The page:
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More than 38 million people are on food stamps. The government shutdown could hit them hard.

The government is guaranteeing funding for food stamps through February. After that they don’t have a plan.

Brooklyn residents receive free food as part of a Bowery Mission outreach program.
John Moore/Getty Images

As the government’s partial shutdown drags on with no clear end in sight, millions of America’s most vulnerable citizens are in danger of being left to go hungry.

The Department of Agriculture, among the nine federal agencies that shut down on December 21, is now guaranteeing funding for the nation’s largest food aid program, known as the Supplemental Nutrition Assistance Program (SNAP), through February. After that, the agency doesn’t have a game plan to support the more than 38 million people on the program — but is looking into other options.

Congress has appropriated funding for SNAP, commonly known as food stamps, through January, according to the USDA. After that, the department is using a provision that allows the government to make obligated payments within 30 days of a lapse in funding, working with states to disburse aid for February before January 20.

SNAP also has $3 billion emergency fund — but that won’t be able to cover even two-thirds of the program in March. In September 2018, the most recent month with data available, states disbursed $4.7 billion in food aid through SNAP.

In other words, unless the government reopens before the end of February, millions of Americans living below the poverty line could see a cut to their food aid.

Trump and Congress have been at a stalemate over government spending for 18 days, with no sign of a deal. The conflict comes over Trump’s demand for $5 billion in border wall funding, which Democrats refuse to sign on to. House Democrats, who came into the majority January 3, have passed multiple spending bills to fund the government — without the border wall — which Trump has rejected. Just last week the president quipped the impasse could last months, or even years.

With each passing day, the shutdown threatens the livelihoods of the poorest Americans more.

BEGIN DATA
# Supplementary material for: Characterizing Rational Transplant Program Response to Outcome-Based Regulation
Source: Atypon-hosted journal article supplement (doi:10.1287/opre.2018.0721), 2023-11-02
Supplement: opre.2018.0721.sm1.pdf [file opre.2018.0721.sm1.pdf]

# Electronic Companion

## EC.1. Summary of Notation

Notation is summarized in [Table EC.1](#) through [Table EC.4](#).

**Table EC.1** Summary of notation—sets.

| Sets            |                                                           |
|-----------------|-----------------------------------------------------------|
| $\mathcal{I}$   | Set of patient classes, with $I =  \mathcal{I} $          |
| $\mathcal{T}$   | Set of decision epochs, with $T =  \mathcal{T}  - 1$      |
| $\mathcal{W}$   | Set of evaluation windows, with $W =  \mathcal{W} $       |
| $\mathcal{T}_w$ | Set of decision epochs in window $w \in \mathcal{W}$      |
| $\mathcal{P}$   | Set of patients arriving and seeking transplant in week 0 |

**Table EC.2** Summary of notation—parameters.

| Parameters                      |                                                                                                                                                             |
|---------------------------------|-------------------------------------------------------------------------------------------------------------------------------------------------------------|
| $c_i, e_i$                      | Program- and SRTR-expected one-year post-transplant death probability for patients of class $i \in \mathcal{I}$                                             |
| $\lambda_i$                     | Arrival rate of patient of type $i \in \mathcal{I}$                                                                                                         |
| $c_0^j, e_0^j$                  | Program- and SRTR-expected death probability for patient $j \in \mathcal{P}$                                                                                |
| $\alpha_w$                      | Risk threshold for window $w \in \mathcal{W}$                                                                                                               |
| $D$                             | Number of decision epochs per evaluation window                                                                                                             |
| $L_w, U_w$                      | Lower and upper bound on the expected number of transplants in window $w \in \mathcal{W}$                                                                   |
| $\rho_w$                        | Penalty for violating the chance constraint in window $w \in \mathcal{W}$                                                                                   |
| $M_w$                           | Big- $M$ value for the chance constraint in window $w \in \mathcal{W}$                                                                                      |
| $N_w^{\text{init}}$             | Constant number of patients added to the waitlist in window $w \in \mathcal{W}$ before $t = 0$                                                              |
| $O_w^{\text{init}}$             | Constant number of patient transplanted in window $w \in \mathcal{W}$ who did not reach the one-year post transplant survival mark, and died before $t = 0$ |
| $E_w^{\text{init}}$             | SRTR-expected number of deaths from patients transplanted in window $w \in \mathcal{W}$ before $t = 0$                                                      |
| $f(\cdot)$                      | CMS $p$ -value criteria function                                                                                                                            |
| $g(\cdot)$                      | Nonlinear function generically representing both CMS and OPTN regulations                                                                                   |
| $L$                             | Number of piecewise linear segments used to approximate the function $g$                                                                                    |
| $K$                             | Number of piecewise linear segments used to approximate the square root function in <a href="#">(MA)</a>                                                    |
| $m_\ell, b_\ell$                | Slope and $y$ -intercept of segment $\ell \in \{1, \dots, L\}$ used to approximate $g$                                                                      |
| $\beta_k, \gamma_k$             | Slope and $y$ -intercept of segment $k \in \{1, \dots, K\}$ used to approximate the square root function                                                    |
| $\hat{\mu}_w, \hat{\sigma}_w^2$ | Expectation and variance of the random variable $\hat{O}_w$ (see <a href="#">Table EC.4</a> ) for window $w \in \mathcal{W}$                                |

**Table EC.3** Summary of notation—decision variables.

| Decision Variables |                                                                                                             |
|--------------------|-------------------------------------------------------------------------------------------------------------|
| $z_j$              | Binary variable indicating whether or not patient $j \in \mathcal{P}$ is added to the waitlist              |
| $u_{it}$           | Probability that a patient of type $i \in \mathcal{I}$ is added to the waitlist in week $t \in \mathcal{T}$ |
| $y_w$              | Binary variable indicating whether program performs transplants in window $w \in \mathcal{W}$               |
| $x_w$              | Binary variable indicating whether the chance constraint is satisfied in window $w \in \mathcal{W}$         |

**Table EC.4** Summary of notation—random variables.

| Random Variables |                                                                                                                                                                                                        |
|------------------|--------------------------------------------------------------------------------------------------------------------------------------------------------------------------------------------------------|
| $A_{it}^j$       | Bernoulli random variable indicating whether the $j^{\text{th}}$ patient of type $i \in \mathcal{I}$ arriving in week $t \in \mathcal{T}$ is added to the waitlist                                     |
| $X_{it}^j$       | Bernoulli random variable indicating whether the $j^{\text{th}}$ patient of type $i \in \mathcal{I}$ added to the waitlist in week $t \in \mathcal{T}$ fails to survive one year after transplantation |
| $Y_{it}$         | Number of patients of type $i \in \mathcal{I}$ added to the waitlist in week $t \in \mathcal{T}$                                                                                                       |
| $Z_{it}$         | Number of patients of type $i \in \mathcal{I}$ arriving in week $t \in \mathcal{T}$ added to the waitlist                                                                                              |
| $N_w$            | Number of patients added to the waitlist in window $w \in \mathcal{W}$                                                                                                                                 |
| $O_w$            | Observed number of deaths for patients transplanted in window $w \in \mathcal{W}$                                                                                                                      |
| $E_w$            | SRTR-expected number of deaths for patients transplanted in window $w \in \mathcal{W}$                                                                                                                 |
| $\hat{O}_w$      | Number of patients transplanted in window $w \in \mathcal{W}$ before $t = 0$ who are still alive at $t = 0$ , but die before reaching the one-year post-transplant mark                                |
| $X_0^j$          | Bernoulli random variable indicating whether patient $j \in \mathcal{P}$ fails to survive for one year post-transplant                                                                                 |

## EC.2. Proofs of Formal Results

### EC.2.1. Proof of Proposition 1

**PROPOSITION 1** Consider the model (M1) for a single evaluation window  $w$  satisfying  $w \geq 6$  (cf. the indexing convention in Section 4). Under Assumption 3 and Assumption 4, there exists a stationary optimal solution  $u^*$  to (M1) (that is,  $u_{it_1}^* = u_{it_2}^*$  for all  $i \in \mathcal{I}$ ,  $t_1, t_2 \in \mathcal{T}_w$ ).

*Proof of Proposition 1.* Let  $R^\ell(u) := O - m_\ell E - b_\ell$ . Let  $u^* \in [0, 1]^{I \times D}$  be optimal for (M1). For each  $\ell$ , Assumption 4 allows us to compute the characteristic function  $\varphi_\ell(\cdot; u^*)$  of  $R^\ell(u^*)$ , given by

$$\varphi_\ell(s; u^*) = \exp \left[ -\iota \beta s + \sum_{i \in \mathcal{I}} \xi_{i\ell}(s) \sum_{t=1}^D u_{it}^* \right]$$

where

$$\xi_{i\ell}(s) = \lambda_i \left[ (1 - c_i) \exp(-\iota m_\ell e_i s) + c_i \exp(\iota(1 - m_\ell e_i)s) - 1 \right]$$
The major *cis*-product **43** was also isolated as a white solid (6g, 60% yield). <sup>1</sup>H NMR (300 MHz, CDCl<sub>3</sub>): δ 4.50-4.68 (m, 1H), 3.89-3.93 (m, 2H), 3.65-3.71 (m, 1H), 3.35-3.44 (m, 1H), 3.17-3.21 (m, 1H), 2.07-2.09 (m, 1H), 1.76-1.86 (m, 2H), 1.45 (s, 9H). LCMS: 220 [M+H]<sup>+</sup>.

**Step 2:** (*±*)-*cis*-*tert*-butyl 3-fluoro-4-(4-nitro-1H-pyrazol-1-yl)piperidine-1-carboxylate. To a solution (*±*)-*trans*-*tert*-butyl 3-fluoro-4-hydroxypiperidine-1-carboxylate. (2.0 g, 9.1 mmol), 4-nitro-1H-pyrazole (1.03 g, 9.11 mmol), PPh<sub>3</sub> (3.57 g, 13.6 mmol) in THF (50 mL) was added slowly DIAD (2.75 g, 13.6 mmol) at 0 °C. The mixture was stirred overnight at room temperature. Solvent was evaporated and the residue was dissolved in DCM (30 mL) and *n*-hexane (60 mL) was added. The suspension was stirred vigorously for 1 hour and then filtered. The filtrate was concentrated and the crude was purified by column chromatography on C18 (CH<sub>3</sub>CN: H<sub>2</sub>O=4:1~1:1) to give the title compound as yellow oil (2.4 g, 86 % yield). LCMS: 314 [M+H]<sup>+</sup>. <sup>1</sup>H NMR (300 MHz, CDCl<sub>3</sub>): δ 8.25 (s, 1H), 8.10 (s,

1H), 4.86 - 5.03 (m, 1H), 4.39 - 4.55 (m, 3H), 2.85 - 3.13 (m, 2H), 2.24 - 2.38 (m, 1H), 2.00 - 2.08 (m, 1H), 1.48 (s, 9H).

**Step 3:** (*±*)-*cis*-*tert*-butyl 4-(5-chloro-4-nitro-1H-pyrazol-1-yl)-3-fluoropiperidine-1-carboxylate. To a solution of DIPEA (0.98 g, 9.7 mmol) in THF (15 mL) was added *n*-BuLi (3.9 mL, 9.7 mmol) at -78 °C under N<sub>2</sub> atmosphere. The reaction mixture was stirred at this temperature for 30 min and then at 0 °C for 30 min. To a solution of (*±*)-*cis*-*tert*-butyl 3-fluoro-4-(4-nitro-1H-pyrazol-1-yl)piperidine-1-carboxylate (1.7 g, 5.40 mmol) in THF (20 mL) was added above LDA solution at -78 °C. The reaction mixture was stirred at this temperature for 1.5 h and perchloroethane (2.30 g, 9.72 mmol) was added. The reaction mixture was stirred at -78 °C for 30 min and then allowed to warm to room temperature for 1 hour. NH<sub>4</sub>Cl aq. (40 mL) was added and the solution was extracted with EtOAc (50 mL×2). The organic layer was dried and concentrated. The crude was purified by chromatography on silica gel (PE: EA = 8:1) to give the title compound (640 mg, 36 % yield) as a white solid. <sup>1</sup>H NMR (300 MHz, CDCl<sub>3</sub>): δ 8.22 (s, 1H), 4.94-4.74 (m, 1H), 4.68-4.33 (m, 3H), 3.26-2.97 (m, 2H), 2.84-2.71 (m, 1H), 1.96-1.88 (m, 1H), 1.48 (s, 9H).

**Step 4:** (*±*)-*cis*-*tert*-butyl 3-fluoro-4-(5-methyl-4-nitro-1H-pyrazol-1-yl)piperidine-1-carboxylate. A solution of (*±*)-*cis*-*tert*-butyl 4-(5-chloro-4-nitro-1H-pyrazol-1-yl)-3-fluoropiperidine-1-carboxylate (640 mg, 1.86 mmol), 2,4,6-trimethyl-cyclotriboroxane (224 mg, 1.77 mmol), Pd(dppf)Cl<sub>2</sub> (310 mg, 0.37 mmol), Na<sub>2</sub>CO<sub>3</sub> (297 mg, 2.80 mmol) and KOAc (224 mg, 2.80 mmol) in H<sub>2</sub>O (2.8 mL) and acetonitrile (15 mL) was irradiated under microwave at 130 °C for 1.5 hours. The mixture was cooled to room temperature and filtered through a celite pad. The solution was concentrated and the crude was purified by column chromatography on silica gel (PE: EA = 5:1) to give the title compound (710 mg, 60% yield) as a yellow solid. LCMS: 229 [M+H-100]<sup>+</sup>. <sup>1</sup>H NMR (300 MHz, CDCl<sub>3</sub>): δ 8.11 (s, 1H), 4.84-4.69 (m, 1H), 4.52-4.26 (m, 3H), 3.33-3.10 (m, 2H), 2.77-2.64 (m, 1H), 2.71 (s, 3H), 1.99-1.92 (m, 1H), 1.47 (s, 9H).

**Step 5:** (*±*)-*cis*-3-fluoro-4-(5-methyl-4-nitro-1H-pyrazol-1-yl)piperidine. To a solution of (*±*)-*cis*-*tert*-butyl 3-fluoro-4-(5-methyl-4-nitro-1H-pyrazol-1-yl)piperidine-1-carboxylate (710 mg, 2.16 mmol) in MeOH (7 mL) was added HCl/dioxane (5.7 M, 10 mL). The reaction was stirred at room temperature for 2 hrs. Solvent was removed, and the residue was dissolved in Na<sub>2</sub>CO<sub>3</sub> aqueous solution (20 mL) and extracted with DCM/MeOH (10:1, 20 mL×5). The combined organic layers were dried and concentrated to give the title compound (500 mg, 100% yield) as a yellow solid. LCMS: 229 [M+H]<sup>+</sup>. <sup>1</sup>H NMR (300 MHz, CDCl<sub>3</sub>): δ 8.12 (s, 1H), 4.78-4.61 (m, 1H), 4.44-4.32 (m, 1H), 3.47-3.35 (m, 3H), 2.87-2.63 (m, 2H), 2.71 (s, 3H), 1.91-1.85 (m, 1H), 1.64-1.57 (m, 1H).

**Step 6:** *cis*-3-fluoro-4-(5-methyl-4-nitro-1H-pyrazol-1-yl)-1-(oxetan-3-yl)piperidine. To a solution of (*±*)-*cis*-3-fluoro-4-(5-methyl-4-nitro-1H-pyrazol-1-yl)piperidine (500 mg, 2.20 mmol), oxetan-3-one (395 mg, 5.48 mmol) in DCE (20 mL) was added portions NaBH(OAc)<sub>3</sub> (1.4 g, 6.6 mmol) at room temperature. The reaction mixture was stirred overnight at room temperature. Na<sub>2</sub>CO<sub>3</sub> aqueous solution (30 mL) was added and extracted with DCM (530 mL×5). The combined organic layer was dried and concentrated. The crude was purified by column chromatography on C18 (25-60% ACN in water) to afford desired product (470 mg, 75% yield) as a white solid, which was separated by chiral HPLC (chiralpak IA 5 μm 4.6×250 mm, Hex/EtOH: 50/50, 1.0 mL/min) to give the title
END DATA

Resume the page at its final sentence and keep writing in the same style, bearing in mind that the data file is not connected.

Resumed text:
Most people on food stamps are children or older adults

For millions of Americans, food stamp programs are the last resort. The majority of American adults receiving benefits live far below the poverty line, going in and out of low-paying jobs that have a lot of turnover.

Food stamp recipients are mostly children and older adults or disabled people76 percent of SNAP benefits go to households with children. In 2013, SNAP recipients were roughly 40 percent white, 26 percent black, and 10 percent Hispanic.

Meanwhile, the effects of the shutdown on smaller food assistance programs are already being seen. Staffing cuts, due to the shutdown, have reduced the size of resources allocated to food aid programs by 95 percent.

The Commodity Supplemental Food Program, which serves more than 600,000 low-income seniors, the Food Distribution Program on Indian Reservations and the Special Supplemental Nutrition Program for Women, Infants, and Children, which serves more than 8 million people, are also running out of federal funding. According to the USDA, those programs can continue with state and local funding.

The possible impacts of reduced food aid are serious; there is strong evidence that SNAP reduces food insecurity. A paper from Diane Whitmore Schanzenbach, Lauren Bauer, and Greg Nantz at the Hamilton Project, an economics think tank within the Brookings Institution, found that “SNAP improves health outcomes and households’ financial well-being, and even improves the later-life outcomes of individuals who had access to the program as children.”

Government shutdowns are costly and they hit America’s most vulnerable the hardest

Government shutdowns are expensive — and serious.

Roughly 800,000 government employees have been impacted by the shutdown and likely won’t see back pay until after it’s resolved, a dire situation for those living paycheck to paycheck. As Vox’s Li Zhou reported, those contracted with the federal government, like janitors, may not see backpay at all.

The longer the shutdown goes on, the greater the threat of impacts on everyday Americans — even those not employed by the government.

Just look at 2013, when the government shut down for 16 days. The Office of Management and Budget estimated that the shutdown resulted in 120,000 fewer jobs and cut economic growth by 0.2 to 0.6 percent in the last quarter of 2013. Tax refunds totaling almost $4 billion were delayed, the Women, Infants, and Children nutrition program went unfunded, the Food and Drug Administration delayed approval of drugs and medical devices.

Trump’s administration is trying to ease some of the biggest pain points by ensuring food stamps will be funded through February, as well as working to send out tax refunds on time.

But the White House is still not willing to budge on its immigration demands, meaning there’s no sign of a deal to end the shutdown. While the military, Social Security and other benefit payments typically aren’t affected, the impacts of a prolonged shutdown are real — and they will hit hardest for low-income Americans.